Luke–Acts

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Luke–Acts is the name usually given by Biblical scholars to the composite work of the Gospel of Luke and the Acts of the Apostles in the New Testament. Together they describe the Ministry of Jesus and the subsequent lives of the Apostles and the Apostolic Age.

Both the books of Luke and Acts are anonymous narratives dedicated to a person named Theophilus.[1] The book of Acts starts out with: "The former treatise have I made“ (probably referring to Luke),[2] and the author probably intended both books to be read together. Almost all scholars believe that they were written by the same person referred to as Luke the Evangelist. [3] Luke–Acts has sometimes been presented as a single book in published Bibles or New Testaments, for example, in The Original New Testament (1985)[4] and The Books of the Bible (2007).

The traditional view holds that they were written by Luke named in Colossians 4:14, a doctor and follower of Paul, but most scholars reject this view. The work is Hellenized and written for a gentile audience. Marcion, a famous 2nd century heretic, who used a modified form of Luke known as the Gospel of Marcion, did not use Acts, perhaps he was unaware of it or intentionally excluded it from his biblical canon; Irenaeus, a proto-orthodox apologist, is the first to use and mention Acts, specifically against Marcionism.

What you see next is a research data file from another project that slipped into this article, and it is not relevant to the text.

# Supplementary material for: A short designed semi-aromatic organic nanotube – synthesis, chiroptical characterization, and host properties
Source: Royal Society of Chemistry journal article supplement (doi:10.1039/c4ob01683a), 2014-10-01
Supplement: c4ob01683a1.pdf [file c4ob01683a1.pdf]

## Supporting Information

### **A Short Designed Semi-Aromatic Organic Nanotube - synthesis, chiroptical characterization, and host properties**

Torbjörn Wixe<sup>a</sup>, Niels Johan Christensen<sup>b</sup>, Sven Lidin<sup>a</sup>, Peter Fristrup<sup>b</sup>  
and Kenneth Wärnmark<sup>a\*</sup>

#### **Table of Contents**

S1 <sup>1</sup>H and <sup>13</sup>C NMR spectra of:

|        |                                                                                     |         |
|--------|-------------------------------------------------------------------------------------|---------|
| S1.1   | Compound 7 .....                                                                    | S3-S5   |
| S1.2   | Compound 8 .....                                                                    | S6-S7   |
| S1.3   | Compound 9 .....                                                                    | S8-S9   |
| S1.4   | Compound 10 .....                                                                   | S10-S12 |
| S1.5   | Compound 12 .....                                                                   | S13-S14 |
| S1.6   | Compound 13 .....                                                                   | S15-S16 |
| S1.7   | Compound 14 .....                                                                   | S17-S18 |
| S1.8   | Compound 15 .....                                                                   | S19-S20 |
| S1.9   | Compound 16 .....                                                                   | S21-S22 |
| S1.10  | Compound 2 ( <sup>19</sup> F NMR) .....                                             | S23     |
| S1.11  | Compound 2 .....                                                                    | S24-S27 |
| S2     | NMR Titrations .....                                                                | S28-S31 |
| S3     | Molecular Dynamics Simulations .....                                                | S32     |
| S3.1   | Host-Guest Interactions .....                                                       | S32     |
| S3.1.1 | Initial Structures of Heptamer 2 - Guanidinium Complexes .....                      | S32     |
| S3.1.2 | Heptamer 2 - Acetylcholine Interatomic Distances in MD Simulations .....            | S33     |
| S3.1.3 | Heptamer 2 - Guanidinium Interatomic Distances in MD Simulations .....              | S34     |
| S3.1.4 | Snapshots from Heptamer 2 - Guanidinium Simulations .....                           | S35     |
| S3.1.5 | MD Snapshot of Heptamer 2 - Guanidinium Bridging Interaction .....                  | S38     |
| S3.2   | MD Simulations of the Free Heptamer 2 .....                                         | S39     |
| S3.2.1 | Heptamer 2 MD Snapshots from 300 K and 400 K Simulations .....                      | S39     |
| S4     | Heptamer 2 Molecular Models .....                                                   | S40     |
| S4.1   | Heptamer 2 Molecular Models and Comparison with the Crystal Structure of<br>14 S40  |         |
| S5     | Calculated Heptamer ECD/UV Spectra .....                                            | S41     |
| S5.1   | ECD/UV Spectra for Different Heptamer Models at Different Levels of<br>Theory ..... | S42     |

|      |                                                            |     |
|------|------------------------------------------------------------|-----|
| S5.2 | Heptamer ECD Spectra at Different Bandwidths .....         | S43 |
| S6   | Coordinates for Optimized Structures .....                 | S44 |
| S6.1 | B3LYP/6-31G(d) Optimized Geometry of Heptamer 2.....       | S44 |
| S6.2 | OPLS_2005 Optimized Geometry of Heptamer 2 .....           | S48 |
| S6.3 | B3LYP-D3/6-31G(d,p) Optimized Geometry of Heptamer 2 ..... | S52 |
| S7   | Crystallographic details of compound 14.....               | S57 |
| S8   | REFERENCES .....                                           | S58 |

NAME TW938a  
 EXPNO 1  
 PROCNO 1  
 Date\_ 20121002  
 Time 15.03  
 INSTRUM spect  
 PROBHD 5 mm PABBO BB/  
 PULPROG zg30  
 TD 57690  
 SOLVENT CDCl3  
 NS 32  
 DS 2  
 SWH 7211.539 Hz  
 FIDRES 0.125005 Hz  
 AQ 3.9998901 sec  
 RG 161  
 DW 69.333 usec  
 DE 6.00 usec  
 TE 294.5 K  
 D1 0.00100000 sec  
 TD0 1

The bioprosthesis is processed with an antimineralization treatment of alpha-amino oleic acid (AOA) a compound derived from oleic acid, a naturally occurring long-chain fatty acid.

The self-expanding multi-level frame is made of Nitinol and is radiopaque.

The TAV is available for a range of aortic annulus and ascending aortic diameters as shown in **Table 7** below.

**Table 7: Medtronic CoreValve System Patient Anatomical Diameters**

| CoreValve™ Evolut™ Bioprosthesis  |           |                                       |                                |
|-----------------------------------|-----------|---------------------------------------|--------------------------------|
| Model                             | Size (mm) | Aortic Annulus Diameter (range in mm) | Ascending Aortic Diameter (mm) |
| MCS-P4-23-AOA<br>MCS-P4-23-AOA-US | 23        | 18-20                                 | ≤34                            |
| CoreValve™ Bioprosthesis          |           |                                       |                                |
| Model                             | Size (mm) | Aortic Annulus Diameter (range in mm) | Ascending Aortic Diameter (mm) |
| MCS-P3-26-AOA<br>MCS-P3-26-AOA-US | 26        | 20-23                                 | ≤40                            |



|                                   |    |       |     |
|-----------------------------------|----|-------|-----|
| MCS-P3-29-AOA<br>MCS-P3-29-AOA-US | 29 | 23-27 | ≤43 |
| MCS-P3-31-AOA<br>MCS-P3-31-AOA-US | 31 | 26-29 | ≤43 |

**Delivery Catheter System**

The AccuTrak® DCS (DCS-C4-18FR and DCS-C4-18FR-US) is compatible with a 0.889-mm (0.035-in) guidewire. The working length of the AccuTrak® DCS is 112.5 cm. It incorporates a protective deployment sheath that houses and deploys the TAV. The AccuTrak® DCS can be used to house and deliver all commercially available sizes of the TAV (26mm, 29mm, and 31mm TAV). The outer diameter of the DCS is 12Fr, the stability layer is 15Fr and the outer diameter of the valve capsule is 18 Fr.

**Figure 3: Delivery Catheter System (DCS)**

It should be mentioned that there are two versions of Luke-Acts with one 10-20 percent longer then the other but the canonical version being the shorter version with scholars unable to agree on which is the original. "A translation of the longer (non-canonical version) of Acts is available in Price, Pre-Nicene New Testamanet, pp. 563-634 (but alas, not the longer version of Luke.) For a discussion of the two versions of Acts and their textual history Strange, Problem of the Text of Acts."[5]

Notes[edit]

  1. ^ Luke 1:3; Acts 1:1
  2. ^ Acts 1:1, Authorised Version
  3. ^ Martin, D. 2010. Introduction to the New Testament Lecture 9. Yale University. Accessed 17 April 2014.
  4. ^ Hugh J. Schonfield, ed., The Original New Testament (San Francisco: Harper and Row, 1985).
  5. ^ Carrier, Richard (2014) On the Historicity of Jesus Sheffield Phoenix Press ISBN 978-1-909697-49-2 pg 271

References[edit]